Have you been a victim of hate crime? Have you used hate speech? Have you seen hate speech online? Did you ignore it?
I bet that the answer to at least one of those questions is “Yes!” Hate speech is present in our society – both online and offline, and we are so used to it that we hardly notice it anymore. But can we change that?
Iana Minochkina is a young Russian with clear ideas for the future. Her background is in economics and she is passionate about human rights. Since April 2013 she has been one of the online activists of the No Hate Speech Movement.
The No Hate Speech Movement is a campaign run by the Council of Europe that involves people from at least 47 countries. The ultimate goal is to achieve recognition of hate speech online as a social problem, to educate young people on the topic of human rights and to increase youth participation and media literacy.
“The No Hate Speech Movement stands for a simple thing – human rights should apply equally online and offline. When we say “No” to hate it is not about censorship – it is about educating people that we build safer internet altogether – everybody has the capacity to change things for the better,” says Iana.
The campaign is taking different forms in the different countries. However, certain dates unite everyone involved – for example, July 22 was the European Action Day in Solidarity with Victims of Hate Crimes. “It was a day to remember the victims of hate crime, to show solidarity with those targeted, raise awareness and educate people about hate crime and its consequences on society.”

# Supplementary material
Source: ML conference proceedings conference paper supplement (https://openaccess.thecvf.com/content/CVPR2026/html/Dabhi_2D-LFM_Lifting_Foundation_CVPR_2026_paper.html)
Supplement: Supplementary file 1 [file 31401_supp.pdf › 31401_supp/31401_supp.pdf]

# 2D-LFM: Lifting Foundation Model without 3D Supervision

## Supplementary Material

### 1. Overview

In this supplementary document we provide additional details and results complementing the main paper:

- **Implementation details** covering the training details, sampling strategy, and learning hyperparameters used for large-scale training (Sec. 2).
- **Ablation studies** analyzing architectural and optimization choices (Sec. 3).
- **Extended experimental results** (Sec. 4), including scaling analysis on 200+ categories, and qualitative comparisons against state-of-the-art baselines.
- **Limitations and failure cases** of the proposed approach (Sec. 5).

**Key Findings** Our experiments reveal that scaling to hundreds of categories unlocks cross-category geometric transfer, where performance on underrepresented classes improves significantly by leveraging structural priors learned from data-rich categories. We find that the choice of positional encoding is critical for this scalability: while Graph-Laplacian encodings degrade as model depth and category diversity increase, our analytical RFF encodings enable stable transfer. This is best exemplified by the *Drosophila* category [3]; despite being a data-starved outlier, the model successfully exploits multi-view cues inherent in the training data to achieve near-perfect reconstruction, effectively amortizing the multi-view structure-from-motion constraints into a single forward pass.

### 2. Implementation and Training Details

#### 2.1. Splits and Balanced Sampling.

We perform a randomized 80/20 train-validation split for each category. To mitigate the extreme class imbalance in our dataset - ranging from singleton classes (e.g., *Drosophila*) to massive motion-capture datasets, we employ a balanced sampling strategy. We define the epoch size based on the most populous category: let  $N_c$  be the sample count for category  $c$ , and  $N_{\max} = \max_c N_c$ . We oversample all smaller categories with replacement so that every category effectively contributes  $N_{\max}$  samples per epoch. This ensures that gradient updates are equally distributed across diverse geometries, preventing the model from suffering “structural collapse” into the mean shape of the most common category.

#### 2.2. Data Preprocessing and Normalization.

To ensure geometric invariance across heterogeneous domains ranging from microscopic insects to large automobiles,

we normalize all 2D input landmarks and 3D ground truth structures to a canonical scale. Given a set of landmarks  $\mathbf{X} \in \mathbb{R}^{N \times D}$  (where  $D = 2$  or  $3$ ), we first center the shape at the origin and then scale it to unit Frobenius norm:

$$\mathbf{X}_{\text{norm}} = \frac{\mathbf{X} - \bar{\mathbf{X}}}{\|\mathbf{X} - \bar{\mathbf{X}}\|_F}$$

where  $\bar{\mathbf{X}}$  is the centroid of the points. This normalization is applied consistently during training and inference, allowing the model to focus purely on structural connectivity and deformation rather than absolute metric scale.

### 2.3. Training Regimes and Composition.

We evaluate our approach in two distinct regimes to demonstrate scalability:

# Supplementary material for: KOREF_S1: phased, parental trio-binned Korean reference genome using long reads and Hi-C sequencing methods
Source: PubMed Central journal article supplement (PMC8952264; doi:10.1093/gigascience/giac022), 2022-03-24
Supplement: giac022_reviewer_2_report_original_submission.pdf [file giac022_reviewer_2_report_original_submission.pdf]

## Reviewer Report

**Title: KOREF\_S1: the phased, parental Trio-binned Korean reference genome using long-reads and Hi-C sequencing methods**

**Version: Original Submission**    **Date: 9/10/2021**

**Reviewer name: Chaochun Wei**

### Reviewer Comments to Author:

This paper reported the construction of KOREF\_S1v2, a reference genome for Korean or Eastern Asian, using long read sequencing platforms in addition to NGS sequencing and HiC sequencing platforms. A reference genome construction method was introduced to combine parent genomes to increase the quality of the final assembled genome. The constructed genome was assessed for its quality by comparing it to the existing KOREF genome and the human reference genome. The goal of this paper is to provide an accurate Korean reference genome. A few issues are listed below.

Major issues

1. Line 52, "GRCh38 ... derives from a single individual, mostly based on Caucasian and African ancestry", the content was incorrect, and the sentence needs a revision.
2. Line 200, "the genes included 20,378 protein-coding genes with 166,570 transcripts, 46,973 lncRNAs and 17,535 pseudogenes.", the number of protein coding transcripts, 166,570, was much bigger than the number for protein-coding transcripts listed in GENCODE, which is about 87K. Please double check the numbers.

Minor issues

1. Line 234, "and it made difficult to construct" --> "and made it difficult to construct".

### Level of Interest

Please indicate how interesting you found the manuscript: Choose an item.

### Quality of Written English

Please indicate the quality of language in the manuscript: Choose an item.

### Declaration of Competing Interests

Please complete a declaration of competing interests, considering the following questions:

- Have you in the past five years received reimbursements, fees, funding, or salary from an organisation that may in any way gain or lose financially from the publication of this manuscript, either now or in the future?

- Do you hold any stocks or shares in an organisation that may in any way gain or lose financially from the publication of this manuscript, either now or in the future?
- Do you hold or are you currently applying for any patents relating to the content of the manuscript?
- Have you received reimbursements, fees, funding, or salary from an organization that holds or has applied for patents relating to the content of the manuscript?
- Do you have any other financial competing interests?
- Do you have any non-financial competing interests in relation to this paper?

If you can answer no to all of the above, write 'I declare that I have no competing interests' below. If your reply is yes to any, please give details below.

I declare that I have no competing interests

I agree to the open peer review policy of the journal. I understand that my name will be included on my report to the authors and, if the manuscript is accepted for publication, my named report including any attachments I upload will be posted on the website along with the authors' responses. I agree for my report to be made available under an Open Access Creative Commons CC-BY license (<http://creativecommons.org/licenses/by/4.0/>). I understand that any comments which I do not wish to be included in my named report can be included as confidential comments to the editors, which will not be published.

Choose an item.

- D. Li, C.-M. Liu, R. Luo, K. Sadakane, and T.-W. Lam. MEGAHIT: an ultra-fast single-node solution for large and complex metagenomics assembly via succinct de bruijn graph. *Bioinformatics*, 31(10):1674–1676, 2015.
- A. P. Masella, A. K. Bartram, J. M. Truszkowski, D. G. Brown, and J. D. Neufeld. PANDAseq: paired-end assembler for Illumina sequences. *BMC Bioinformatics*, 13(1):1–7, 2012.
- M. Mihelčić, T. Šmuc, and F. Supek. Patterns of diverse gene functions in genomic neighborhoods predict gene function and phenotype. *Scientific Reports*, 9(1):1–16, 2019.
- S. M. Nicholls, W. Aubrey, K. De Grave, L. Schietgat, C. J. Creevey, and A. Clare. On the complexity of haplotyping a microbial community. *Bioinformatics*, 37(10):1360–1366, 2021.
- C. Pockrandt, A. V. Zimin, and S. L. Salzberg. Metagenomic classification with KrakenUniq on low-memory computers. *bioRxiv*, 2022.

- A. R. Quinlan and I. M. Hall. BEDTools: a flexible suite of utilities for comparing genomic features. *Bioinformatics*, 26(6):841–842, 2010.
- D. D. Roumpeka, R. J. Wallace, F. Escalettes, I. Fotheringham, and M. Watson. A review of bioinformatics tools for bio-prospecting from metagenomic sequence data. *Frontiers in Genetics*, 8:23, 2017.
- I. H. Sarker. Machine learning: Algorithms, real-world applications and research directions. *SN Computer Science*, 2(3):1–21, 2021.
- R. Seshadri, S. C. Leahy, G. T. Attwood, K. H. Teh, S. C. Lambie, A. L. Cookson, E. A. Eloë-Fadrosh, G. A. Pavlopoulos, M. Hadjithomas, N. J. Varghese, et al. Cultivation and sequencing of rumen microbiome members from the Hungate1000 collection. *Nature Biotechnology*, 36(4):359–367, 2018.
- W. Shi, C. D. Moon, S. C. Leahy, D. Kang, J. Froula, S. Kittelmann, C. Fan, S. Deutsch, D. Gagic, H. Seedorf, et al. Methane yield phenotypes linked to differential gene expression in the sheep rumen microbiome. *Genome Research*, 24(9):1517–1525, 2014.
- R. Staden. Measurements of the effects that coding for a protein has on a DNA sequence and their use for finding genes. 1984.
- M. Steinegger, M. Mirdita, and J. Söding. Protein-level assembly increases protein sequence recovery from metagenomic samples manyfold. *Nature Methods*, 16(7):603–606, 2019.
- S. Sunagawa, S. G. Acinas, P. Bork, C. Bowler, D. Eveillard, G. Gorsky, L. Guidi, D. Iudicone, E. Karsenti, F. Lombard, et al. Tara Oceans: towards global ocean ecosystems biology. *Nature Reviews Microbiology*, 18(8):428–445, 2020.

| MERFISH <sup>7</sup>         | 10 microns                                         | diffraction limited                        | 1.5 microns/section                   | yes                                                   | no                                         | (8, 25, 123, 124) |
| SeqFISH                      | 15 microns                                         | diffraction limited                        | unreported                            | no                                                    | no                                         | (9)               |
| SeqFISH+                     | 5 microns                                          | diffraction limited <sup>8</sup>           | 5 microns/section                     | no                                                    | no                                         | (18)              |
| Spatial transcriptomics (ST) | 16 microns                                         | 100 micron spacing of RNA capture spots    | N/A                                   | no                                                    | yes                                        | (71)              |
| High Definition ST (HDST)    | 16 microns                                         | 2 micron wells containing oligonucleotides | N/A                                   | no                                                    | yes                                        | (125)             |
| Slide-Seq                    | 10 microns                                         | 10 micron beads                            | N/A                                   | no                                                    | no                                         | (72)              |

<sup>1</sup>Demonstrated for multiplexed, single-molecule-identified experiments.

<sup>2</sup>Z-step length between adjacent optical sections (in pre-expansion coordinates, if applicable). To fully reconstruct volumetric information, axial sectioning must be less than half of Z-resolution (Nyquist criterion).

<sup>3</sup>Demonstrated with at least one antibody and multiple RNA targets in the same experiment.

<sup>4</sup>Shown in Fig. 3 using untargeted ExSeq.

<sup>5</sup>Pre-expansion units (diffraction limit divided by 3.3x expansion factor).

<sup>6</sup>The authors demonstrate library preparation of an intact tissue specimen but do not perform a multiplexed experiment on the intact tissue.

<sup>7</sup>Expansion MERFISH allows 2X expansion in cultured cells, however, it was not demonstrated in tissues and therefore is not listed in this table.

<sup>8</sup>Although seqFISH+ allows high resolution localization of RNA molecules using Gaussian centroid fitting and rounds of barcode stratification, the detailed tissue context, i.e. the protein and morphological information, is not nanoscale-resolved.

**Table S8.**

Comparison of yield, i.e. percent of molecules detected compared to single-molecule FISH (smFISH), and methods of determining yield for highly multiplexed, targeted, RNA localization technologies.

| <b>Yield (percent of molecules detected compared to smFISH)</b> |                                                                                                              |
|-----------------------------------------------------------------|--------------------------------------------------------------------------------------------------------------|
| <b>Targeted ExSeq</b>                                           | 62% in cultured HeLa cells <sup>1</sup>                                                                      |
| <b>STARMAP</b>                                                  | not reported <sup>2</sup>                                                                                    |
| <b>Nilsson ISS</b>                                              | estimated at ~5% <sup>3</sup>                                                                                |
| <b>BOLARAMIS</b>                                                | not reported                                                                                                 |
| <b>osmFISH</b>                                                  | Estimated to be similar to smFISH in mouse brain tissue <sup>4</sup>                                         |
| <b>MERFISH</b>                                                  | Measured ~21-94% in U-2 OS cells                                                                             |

The next action day will be on September 22 and will be against islamophobia and religious intolerance.
Most of the activities of the campaign are online, because the hate speech present there seems to be increasing. The campaign’s website provides vital tools for everyone who wants to help the movement: you can report hate speech that you have seen online, there is a photo competition that aims to raise awareness of the problem and there is also a petition to make July 22 an official European Day for the Victims of Hate Crimes.
Some would say that Iana’s role is harder than the role of the online activists from other parts of Europe, because of the current situation in Russia. “The situation in Russia is quite complicated, not only due to political reasons, but also because of the quite strong patriarchal traditions and traditionalism,” admits Iana. “This is aggravated by the very aggressive language of mass media that shape values and minds in the community. For me the alarming thing is that recent political agenda in Russia and its reflection in mass media distort core values of sustainable co-existence.”
“In a complicated political situation, the government tried to put blame for social problems in the country on LGBT people and migrants – and it was easily followed by the community because these groups have already been marginalized. Instead of solving real problems such as corruption, decrease in the quality of public services and increasing gap between the rich and the poor, the state and mass media are trying to draw away public attention by shifting it to “hot issues.”
“At the same time, the same things are observed in many other countries, following the growth of the nationalistic agenda in Europe. The biggest challenge is the same everywhere – to educate people to see beyond the things that they learn from state mass media – and the best thing to do in this case is to learn by personal experiences.”
Do you accept the challenge?